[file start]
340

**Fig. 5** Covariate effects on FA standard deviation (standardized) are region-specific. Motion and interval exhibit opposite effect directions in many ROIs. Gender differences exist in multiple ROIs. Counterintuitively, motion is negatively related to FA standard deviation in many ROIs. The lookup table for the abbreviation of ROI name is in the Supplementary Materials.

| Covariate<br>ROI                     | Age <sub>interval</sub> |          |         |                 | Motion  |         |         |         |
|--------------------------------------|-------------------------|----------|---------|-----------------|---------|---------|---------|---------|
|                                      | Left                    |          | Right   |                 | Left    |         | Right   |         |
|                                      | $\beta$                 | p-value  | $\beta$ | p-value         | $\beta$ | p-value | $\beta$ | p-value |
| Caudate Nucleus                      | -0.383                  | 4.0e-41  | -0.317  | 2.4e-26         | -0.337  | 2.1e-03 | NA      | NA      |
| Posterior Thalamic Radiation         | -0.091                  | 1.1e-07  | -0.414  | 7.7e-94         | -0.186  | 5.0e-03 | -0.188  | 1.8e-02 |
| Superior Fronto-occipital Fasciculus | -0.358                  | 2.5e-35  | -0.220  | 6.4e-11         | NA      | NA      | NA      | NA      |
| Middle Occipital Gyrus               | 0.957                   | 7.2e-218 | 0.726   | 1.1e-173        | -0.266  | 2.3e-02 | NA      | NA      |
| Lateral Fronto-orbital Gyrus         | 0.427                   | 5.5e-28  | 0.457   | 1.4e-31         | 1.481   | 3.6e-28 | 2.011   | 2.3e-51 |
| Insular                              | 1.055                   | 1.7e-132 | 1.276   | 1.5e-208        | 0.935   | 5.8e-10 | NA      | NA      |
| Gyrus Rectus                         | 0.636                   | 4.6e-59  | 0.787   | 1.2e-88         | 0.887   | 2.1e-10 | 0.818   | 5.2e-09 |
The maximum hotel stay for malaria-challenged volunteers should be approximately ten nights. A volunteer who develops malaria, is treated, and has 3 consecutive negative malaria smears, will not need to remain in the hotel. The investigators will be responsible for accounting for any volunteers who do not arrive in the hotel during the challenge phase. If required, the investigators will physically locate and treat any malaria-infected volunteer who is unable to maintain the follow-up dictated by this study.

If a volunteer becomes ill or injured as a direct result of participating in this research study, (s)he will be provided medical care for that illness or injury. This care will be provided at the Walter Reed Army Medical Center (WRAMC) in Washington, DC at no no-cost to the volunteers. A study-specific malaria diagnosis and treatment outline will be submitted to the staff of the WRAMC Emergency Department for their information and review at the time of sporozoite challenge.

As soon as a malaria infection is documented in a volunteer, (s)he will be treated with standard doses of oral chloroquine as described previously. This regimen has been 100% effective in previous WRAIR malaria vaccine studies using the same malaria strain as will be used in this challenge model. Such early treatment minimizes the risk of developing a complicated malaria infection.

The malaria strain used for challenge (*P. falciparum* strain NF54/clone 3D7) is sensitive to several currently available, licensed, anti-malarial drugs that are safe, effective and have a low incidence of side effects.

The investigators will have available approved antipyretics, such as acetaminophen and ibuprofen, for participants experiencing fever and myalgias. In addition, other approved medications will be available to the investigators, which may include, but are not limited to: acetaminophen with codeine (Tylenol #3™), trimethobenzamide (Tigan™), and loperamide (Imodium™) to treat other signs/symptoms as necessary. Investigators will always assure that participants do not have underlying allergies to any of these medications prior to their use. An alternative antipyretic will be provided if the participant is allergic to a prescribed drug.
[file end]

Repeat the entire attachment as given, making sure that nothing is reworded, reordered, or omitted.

340

**Fig. 5** Covariate effects on FA standard deviation (standardized) are region-specific. Motion and interval exhibit opposite effect directions in many ROIs. Gender differences exist in multiple ROIs. Counterintuitively, motion is negatively related to FA standard deviation in many ROIs. The lookup table for the abbreviation of ROI name is in the Supplementary Materials.

| Covariate<br>ROI                     | Age <sub>interval</sub> |          |         |                 | Motion  |         |         |         |
|--------------------------------------|-------------------------|----------|---------|-----------------|---------|---------|---------|---------|
|                                      | Left                    |          | Right   |                 | Left    |         | Right   |         |
|                                      | $\beta$                 | p-value  | $\beta$ | p-value         | $\beta$ | p-value | $\beta$ | p-value |
| Caudate Nucleus                      | -0.383                  | 4.0e-41  | -0.317  | 2.4e-26         | -0.337  | 2.1e-03 | NA      | NA      |
| Posterior Thalamic Radiation         | -0.091                  | 1.1e-07  | -0.414  | 7.7e-94         | -0.186  | 5.0e-03 | -0.188  | 1.8e-02 |
| Superior Fronto-occipital Fasciculus | -0.358                  | 2.5e-35  | -0.220  | 6.4e-11         | NA      | NA      | NA      | NA      |
| Middle Occipital Gyrus               | 0.957                   | 7.2e-218 | 0.726   | 1.1e-173        | -0.266  | 2.3e-02 | NA      | NA      |
| Lateral Fronto-orbital Gyrus         | 0.427                   | 5.5e-28  | 0.457   | 1.4e-31         | 1.481   | 3.6e-28 | 2.011   | 2.3e-51 |
| Insular                              | 1.055                   | 1.7e-132 | 1.276   | 1.5e-208        | 0.935   | 5.8e-10 | NA      | NA      |
| Gyrus Rectus                         | 0.636                   | 4.6e-59  | 0.787   | 1.2e-88         | 0.887   | 2.1e-10 | 0.818   | 5.2e-09 |
The maximum hotel stay for malaria-challenged volunteers should be approximately ten nights. A volunteer who develops malaria, is treated, and has 3 consecutive negative malaria smears, will not need to remain in the hotel. The investigators will be responsible for accounting for any volunteers who do not arrive in the hotel during the challenge phase. If required, the investigators will physically locate and treat any malaria-infected volunteer who is unable to maintain the follow-up dictated by this study.

If a volunteer becomes ill or injured as a direct result of participating in this research study, (s)he will be provided medical care for that illness or injury. This care will be provided at the Walter Reed Army Medical Center (WRAMC) in Washington, DC at no no-cost to the volunteers. A study-specific malaria diagnosis and treatment outline will be submitted to the staff of the WRAMC Emergency Department for their information and review at the time of sporozoite challenge.

As soon as a malaria infection is documented in a volunteer, (s)he will be treated with standard doses of oral chloroquine as described previously. This regimen has been 100% effective in previous WRAIR malaria vaccine studies using the same malaria strain as will be used in this challenge model. Such early treatment minimizes the risk of developing a complicated malaria infection.

The malaria strain used for challenge (*P. falciparum* strain NF54/clone 3D7) is sensitive to several currently available, licensed, anti-malarial drugs that are safe, effective and have a low incidence of side effects.

The investigators will have available approved antipyretics, such as acetaminophen and ibuprofen, for participants experiencing fever and myalgias. In addition, other approved medications will be available to the investigators, which may include, but are not limited to: acetaminophen with codeine (Tylenol #3™), trimethobenzamide (Tigan™), and loperamide (Imodium™) to treat other signs/symptoms as necessary. Investigators will always assure that participants do not have underlying allergies to any of these medications prior to their use. An alternative antipyretic will be provided if the participant is allergic to a prescribed drug.